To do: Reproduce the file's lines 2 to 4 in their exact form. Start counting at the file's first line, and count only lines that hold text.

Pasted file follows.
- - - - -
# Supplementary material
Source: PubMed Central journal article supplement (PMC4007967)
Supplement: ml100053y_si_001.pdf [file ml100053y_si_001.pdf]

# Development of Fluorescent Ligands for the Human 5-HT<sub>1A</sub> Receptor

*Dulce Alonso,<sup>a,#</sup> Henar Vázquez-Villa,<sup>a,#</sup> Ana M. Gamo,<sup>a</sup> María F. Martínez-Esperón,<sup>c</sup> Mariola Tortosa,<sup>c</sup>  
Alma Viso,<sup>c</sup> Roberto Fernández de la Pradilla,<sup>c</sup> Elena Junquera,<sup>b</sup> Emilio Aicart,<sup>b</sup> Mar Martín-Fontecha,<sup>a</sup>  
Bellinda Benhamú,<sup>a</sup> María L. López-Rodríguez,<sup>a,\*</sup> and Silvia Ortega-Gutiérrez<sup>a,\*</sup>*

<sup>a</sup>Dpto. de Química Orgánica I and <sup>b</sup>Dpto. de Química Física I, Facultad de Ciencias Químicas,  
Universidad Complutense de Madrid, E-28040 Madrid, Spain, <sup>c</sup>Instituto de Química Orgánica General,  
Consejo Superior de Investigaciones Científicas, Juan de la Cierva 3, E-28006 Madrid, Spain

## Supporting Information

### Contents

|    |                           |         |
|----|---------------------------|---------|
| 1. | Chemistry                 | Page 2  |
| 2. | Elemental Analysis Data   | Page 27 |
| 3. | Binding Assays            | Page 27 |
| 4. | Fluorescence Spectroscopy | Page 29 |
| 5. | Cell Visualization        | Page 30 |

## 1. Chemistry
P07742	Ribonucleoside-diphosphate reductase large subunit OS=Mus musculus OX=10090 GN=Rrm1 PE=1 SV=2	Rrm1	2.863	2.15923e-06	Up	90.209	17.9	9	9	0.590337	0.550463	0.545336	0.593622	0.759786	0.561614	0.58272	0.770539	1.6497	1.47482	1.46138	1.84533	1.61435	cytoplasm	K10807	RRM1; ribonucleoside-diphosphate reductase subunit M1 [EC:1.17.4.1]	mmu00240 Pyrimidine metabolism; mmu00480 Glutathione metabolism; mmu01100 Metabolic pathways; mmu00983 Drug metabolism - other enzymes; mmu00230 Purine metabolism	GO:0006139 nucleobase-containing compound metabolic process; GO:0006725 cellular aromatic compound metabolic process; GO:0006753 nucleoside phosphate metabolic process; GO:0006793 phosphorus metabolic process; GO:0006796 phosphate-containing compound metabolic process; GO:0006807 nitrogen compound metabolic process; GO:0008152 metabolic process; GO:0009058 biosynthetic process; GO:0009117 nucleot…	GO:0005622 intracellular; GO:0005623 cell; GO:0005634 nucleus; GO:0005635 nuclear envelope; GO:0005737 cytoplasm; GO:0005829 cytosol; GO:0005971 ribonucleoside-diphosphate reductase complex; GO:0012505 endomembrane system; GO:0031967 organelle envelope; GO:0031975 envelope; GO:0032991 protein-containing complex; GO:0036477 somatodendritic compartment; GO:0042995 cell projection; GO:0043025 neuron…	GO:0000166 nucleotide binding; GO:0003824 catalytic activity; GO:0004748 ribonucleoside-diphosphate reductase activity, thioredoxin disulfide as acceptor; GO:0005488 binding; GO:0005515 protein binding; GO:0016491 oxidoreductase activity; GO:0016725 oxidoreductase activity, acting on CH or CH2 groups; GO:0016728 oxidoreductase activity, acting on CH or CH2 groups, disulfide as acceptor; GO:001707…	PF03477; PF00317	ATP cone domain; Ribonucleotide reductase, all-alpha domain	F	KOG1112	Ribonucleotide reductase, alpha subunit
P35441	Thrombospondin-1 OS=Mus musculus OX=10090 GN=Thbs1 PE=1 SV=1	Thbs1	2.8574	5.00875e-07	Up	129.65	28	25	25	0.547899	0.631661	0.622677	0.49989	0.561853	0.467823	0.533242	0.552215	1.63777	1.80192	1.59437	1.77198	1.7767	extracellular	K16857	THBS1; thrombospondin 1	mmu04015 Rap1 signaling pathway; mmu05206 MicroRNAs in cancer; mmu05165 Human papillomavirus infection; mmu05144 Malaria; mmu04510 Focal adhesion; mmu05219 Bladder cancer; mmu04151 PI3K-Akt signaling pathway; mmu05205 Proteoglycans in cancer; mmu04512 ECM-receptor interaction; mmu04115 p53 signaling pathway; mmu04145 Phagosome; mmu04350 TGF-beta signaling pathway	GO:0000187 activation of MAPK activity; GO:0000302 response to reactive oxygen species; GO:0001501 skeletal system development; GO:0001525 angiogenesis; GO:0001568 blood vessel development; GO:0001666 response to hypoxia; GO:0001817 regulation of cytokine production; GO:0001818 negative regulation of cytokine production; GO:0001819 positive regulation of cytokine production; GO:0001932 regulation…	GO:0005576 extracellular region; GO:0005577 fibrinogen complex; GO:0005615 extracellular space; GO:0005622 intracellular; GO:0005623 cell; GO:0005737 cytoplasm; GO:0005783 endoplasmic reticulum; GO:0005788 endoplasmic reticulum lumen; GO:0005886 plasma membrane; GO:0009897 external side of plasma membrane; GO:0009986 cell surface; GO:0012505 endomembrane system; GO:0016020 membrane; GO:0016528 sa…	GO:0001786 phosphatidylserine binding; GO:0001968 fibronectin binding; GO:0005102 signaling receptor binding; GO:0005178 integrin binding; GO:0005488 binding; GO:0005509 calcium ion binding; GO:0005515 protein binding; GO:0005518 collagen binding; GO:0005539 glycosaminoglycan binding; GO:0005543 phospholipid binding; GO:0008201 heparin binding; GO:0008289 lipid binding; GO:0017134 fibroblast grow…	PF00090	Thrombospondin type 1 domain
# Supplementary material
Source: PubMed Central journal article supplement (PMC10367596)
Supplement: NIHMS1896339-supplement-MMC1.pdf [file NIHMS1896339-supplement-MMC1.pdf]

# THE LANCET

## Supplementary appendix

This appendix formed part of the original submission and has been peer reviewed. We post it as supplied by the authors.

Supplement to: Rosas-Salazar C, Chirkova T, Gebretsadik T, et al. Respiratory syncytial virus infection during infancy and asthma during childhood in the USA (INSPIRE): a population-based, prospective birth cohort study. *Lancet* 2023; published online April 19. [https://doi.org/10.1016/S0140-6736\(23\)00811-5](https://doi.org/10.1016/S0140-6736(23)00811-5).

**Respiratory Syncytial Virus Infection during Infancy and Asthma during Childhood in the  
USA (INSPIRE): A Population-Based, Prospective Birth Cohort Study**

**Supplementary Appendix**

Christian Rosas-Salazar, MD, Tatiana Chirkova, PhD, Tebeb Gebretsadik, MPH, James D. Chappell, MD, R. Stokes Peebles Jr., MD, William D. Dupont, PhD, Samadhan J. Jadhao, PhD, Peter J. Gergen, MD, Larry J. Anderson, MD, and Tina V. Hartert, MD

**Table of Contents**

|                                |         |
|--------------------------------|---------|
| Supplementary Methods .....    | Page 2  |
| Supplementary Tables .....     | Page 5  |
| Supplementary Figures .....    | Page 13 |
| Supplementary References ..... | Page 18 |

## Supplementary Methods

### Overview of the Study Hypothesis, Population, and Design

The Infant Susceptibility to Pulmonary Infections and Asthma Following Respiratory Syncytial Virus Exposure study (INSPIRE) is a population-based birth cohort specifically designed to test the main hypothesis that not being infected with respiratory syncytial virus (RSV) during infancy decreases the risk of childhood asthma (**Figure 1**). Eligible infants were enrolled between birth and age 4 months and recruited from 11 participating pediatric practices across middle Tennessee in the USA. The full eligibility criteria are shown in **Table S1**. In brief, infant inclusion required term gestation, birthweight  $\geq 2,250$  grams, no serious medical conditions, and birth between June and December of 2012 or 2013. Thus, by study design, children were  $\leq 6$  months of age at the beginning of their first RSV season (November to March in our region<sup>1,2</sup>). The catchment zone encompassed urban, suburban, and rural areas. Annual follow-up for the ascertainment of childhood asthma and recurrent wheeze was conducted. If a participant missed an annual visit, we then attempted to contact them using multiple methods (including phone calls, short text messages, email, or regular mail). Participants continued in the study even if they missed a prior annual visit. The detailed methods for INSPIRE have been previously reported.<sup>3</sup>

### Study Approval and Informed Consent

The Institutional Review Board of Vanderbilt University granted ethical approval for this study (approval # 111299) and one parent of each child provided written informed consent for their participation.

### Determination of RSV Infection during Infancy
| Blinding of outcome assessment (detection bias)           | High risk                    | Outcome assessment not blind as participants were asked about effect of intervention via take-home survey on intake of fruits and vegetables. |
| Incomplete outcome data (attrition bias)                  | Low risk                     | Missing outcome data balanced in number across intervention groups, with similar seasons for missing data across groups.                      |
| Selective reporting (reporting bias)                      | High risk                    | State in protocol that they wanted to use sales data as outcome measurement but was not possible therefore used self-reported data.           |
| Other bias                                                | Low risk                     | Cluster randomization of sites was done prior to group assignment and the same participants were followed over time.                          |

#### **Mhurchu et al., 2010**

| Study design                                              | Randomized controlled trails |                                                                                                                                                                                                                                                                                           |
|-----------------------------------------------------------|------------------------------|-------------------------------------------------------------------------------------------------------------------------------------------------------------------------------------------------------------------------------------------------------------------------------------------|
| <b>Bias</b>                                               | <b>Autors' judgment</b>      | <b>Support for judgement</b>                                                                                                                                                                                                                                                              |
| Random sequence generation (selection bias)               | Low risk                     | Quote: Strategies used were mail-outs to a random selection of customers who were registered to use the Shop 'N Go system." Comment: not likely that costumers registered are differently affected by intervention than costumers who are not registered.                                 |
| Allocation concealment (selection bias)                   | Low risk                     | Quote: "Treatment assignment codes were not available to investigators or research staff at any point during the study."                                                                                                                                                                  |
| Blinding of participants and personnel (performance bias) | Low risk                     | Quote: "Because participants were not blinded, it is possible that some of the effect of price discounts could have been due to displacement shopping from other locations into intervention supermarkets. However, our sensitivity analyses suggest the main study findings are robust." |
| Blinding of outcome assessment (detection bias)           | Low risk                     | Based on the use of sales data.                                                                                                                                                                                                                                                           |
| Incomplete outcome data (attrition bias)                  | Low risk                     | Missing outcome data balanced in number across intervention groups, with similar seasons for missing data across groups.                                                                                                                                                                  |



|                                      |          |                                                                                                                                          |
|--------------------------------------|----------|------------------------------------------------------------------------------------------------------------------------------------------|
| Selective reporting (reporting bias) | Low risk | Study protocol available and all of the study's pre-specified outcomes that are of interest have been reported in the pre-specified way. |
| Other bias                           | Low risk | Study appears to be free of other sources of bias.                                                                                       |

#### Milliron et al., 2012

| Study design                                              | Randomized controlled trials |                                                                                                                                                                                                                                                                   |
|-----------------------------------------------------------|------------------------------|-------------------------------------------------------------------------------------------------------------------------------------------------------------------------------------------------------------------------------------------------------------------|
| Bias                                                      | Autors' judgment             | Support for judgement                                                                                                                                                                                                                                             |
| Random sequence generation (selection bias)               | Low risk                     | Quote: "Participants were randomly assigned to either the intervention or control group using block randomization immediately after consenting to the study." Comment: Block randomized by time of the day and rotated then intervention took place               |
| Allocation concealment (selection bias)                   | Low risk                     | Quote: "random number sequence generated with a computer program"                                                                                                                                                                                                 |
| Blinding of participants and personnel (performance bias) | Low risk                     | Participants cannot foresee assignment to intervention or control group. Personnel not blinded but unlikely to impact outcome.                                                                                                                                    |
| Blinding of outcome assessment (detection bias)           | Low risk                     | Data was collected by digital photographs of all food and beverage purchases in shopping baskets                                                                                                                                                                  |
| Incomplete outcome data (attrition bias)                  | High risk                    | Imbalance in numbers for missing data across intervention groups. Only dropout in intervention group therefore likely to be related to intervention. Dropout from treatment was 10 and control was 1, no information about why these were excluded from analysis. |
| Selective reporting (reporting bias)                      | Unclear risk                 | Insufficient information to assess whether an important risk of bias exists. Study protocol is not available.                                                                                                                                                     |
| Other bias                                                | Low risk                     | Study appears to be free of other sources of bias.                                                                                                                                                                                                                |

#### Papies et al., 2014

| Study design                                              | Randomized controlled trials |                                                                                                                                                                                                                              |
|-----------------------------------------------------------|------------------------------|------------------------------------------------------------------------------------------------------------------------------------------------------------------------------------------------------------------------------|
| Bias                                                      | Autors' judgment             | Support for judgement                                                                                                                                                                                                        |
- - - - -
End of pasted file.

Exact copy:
Source: PubMed Central journal article supplement (PMC4007967)
Supplement: ml100053y_si_001.pdf [file ml100053y_si_001.pdf]

# Development of Fluorescent Ligands for the Human 5-HT<sub>1A</sub> Receptor